Just don’t ban fairy tales from your child’s life forever just because some are scary or politically incorrect. You can easily find modified versions if that works better for your child and your family.

What are your thoughts about fairy tales?

What are your favorites?

“Though now we think of fairy tales as stories intended for very young children, this is a relatively modern idea. In the oral tradition, magical stories were enjoyed by listeners young and old alike, while literary fairy tales (including most of the tales that are best known today) were published primarily for adult readers until the 19th century.(complete:http://www.endicott-studio.com/gal/galWi…)”
― Terri Windling

Read more:
Huge List of Fairy Tale Books for Children,

Fairy Tales – Recommended Books and Activities, Writing Mixed Up Fairy Tales 

8 reasons why fairy tales are essential to childhood

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104 Responses

  1. Kennedy Jones says:

    I grew up on fairy tales and it has made my life all the better for doing so. My mom read me some, but otherwise I picked up on it myself. It adds so much color to how one looks at every day life. Things can seem quiet boring in the daily routine, but reading these stories totally puts new glasses over your eyes so you see things in a more exciting way. I would not be who I am today if it hadn’t been for these stories.

  2. Great article! I don’t think fairy tales are too scary for children, but I think people need to remember that they were never supposed to be children’s stories. And I agree with your point about how it depends on the child and it’s up to the parent to gauge what they can and can’t handle. Also that some fairy tales shouldn’t be bedtime stories!

    I was reading ‘The Wild Swans’ to my niece at bedtime, and there was a bit in it about witches digging up bodies in a graveyard and another bit at the end where the evil queen gets burnt alive. I glossed over those. For different reasons, too. The burning simply because I didn’t want her to go to sleep with the image of someone being burnt alive in her head (if it had been earlier in the day, I’m sure she wouldn’t have bothered about it!) and the graveyard bit because I felt it didn’t add anything to the story, and goes beyond being gory/scary. Sometimes kids like gory/scary things, but there’s a line between that and things which are rather disturbing. Corpses being dug up and eaten is definitely one of the latter.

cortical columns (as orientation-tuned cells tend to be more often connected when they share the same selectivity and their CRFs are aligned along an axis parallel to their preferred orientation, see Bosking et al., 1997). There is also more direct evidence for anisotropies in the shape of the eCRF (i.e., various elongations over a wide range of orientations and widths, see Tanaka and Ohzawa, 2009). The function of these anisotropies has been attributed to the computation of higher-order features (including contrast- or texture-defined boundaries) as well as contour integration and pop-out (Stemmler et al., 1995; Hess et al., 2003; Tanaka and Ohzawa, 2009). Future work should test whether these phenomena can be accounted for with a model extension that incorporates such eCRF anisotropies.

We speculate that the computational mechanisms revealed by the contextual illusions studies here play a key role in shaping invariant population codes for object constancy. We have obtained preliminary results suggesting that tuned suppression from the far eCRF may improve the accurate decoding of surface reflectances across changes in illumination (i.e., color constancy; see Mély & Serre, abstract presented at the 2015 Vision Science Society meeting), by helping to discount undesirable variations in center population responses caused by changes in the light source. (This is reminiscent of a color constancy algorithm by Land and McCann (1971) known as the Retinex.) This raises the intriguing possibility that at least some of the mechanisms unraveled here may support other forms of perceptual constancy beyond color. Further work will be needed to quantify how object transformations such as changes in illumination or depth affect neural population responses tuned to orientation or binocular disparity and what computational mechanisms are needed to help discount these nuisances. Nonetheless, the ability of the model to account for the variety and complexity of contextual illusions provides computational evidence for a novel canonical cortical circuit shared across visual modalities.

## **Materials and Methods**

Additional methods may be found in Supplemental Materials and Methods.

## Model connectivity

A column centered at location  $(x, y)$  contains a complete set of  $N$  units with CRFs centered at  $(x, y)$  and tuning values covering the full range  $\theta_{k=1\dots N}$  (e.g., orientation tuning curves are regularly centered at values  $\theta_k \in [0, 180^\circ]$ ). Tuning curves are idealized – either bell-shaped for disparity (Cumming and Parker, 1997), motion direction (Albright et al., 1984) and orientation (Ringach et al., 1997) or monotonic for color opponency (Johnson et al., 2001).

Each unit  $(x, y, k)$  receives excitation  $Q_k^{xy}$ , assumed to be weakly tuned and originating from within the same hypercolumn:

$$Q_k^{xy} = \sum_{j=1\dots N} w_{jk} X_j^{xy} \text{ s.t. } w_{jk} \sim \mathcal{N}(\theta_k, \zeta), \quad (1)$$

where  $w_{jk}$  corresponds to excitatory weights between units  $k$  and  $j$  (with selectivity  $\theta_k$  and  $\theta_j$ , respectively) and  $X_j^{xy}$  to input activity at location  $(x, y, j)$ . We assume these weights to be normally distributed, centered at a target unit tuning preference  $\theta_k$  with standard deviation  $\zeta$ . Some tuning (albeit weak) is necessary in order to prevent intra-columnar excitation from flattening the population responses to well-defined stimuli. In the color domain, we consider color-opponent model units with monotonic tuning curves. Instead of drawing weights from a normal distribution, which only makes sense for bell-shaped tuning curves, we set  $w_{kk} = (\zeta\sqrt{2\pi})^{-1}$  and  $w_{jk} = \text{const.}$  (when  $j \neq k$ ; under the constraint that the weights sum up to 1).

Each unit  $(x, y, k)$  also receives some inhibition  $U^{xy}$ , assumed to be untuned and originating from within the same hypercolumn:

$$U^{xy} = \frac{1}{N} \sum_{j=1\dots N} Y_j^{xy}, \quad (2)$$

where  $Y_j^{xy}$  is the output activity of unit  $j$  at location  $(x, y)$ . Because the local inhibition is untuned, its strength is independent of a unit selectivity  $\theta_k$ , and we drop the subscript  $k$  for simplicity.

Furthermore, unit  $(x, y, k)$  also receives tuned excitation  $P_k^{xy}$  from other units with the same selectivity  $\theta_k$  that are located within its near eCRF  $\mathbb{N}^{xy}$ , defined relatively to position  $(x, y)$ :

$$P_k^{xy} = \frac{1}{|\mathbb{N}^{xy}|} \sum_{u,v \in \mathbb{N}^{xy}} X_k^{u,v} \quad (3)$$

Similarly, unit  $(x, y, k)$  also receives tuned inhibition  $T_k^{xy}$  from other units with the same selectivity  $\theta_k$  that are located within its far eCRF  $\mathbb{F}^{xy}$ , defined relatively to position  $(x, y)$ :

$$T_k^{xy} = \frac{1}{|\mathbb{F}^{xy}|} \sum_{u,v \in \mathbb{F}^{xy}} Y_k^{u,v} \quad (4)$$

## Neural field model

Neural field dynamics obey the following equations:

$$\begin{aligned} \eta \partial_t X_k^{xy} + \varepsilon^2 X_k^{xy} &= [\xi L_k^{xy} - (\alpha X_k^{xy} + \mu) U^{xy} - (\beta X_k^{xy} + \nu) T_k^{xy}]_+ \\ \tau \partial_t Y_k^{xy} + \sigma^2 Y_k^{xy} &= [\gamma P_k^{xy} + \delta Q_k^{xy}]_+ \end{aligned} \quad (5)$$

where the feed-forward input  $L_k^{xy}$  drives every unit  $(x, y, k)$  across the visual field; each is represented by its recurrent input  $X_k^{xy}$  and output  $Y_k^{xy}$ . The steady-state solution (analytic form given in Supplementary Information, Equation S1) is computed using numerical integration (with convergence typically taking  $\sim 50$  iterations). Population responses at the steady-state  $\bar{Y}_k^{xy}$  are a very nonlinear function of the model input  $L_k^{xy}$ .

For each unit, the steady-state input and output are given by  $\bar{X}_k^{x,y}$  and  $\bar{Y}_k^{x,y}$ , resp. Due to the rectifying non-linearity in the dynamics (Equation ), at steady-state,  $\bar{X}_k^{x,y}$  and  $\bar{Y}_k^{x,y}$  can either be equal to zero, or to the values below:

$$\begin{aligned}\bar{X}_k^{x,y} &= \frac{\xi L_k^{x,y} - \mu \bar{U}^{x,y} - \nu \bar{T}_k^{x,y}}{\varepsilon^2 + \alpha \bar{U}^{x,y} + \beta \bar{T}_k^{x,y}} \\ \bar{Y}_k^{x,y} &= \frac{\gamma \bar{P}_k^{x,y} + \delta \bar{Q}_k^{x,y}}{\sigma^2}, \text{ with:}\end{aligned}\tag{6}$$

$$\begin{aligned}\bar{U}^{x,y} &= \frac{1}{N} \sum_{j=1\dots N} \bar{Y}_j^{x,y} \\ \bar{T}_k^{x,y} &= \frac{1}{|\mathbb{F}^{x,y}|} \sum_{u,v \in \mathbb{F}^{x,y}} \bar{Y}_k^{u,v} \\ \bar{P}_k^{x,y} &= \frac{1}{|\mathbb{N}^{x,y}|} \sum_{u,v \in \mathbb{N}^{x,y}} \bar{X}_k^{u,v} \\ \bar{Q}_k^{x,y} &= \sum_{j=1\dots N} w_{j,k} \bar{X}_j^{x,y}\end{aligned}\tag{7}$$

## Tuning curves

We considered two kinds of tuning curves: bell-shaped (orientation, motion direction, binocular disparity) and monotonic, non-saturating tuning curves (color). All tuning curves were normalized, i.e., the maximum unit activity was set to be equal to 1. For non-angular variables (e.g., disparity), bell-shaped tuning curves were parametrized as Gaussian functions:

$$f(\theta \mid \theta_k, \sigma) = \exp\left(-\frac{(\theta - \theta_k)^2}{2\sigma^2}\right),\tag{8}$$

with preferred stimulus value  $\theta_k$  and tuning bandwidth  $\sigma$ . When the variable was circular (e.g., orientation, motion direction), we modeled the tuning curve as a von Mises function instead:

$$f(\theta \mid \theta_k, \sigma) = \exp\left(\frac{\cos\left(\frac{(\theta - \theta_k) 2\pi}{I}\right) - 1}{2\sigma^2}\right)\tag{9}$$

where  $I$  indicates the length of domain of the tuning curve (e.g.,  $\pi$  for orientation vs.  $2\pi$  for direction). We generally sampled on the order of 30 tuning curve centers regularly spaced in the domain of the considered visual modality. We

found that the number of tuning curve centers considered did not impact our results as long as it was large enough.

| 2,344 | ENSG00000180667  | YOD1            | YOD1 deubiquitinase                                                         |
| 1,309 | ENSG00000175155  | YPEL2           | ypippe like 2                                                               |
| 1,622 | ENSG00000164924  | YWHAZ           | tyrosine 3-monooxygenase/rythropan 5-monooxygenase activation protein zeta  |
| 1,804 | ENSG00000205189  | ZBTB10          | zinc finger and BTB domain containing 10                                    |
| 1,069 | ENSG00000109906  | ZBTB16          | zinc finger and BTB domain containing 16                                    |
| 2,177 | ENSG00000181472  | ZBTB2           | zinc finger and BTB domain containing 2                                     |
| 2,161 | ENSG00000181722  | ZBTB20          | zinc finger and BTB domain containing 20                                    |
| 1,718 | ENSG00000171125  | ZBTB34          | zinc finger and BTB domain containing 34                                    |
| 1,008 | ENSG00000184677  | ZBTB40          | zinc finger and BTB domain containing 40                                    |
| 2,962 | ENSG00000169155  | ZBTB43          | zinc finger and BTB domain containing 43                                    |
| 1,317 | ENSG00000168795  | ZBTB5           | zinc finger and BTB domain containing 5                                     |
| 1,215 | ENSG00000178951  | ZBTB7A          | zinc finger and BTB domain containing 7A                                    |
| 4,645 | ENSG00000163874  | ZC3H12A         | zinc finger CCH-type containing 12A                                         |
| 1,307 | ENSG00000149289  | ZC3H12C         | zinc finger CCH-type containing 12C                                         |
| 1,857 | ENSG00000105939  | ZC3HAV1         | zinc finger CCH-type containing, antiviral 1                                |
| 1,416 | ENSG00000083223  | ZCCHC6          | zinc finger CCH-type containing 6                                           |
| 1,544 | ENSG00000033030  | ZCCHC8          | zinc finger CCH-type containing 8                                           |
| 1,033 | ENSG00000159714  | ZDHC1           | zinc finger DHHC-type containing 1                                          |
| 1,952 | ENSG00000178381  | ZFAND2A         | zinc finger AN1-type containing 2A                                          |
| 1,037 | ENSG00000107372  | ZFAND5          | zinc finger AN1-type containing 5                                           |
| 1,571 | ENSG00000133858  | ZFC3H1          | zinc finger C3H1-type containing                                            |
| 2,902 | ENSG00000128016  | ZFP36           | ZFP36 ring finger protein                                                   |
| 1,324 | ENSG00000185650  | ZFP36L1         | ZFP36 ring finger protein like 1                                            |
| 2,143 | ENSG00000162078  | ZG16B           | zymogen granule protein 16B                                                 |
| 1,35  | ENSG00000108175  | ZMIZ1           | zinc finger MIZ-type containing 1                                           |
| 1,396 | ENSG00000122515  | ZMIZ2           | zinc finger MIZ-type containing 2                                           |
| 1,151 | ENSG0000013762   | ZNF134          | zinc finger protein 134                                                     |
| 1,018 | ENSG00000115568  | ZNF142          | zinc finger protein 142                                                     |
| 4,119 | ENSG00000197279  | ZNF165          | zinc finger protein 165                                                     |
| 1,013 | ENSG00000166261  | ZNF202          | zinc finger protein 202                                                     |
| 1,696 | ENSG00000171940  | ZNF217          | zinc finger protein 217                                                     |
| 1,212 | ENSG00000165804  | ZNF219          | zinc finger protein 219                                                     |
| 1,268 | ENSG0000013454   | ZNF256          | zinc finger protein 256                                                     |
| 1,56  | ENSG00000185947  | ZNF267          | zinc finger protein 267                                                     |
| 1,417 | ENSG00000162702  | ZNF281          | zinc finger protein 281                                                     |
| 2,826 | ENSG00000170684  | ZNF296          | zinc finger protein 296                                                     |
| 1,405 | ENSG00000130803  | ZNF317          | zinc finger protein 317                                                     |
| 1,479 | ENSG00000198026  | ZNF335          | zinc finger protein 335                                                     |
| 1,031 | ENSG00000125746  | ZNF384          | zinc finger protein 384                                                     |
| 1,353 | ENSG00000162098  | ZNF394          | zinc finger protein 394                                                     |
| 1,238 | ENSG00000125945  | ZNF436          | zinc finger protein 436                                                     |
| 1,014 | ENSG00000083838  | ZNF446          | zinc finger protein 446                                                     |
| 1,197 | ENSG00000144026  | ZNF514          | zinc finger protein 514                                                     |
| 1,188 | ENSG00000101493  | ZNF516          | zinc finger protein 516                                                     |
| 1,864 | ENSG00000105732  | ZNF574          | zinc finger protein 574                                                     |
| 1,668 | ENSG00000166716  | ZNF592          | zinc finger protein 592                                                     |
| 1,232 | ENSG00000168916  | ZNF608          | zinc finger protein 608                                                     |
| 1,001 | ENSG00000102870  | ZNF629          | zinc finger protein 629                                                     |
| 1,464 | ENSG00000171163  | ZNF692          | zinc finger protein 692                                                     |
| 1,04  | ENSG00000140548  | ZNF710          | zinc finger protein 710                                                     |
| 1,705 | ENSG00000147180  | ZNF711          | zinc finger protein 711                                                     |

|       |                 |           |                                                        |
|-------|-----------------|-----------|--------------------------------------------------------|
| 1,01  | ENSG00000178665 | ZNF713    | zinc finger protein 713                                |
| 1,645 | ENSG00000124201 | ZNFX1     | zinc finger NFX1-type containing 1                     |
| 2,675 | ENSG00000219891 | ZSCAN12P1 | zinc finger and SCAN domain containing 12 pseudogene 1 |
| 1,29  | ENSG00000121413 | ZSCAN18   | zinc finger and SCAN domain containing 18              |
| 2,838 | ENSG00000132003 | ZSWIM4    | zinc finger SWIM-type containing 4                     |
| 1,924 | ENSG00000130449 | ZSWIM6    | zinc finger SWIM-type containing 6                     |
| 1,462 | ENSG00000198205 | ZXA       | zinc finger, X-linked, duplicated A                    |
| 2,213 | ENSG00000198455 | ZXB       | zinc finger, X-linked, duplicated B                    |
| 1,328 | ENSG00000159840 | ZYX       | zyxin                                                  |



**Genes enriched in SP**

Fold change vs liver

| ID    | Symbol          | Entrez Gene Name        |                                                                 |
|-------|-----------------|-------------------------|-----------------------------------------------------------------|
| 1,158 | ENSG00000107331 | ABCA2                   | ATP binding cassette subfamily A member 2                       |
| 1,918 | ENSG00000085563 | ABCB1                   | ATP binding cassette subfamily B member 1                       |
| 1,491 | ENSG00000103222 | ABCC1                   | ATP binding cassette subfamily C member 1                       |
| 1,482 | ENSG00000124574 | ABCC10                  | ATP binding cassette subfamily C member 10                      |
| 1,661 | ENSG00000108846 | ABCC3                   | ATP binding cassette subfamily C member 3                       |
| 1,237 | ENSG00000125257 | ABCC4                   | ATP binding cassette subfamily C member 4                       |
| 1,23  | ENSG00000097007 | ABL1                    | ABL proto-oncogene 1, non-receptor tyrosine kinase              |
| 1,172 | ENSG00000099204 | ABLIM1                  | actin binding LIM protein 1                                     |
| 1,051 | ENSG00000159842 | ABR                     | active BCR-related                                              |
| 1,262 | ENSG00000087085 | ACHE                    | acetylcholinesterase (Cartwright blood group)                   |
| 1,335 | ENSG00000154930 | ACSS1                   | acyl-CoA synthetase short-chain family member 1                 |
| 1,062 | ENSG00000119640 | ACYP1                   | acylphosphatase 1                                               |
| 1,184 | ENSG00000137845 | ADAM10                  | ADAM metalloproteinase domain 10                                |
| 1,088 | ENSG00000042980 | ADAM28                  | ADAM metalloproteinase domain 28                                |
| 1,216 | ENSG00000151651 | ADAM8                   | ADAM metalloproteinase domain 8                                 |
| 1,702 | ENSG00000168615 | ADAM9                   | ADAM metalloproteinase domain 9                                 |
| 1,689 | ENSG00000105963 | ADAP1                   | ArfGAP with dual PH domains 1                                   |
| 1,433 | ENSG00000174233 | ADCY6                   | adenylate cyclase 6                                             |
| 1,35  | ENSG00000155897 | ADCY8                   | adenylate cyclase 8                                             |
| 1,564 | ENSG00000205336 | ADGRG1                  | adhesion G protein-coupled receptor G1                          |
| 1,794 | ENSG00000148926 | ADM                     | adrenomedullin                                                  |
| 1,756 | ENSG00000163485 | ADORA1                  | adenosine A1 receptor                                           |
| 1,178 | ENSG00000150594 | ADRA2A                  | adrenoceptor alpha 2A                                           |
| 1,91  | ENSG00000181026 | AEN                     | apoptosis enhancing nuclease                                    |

3. Victoria ShaBaz Sears says:

    I love the oral tradition of fairy tales. When I taught 2nd grade we had a wonderful fairy tale reader with 20 some fairy tales, kept a comparison chart of common characteristics of fairy tales, explored the image of wolves as villains in fairy tales but loyal mates and pack animals in nature, compared gender stereotypes with real capabilities. I gotten a grant & bought wonderful large sets of castle building blocks. We worked in teams designing & building self sustaining castles. What Fun!

    1. ALICE STROUD says:

      What a wonderful teacher you are – your students are so lucky to have someone like you!!

  4. Surlalune Fairy Tales: History of Beauty and the Beast, was interesting. It is my favorite “fairytale,” but perhaps for different reasons from those of others. Besides the more obvious, the obstacles to overcome and the tasks set for the characters, it has elements which remind me that God (as I have come to believe) is truly a gentle, determined lover, who wishes his beloved to truly know him, i.e., to know him as he really is; not always so easily accomplished. We must be vulnerable, and this is a love that will break our hearts, but in a good way. It is God who woos our soul, even when we fear and mistrust him. There is an intimacy that God seeks with each one of us. Although the intimacy is shared by God with each who will respond, it is unique for each of us, as we are each unique. I recommend C.S. Lewis’ only novel, which he considered his best work, “Til We Have Faces;” a retelling of Cupid and Psyche, (related to The White Bear, and the modern telling, Beauty and the Beast.) I enjoyed the many comments of others.

  5. i love fairytales cause their so fun to read and no one likes fairy tales more than the little children

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    Hi! I’m Melissa Taylor, mom, writer, & former elementary teacher & literacy trainer. I love sharing good books & fun learning resources.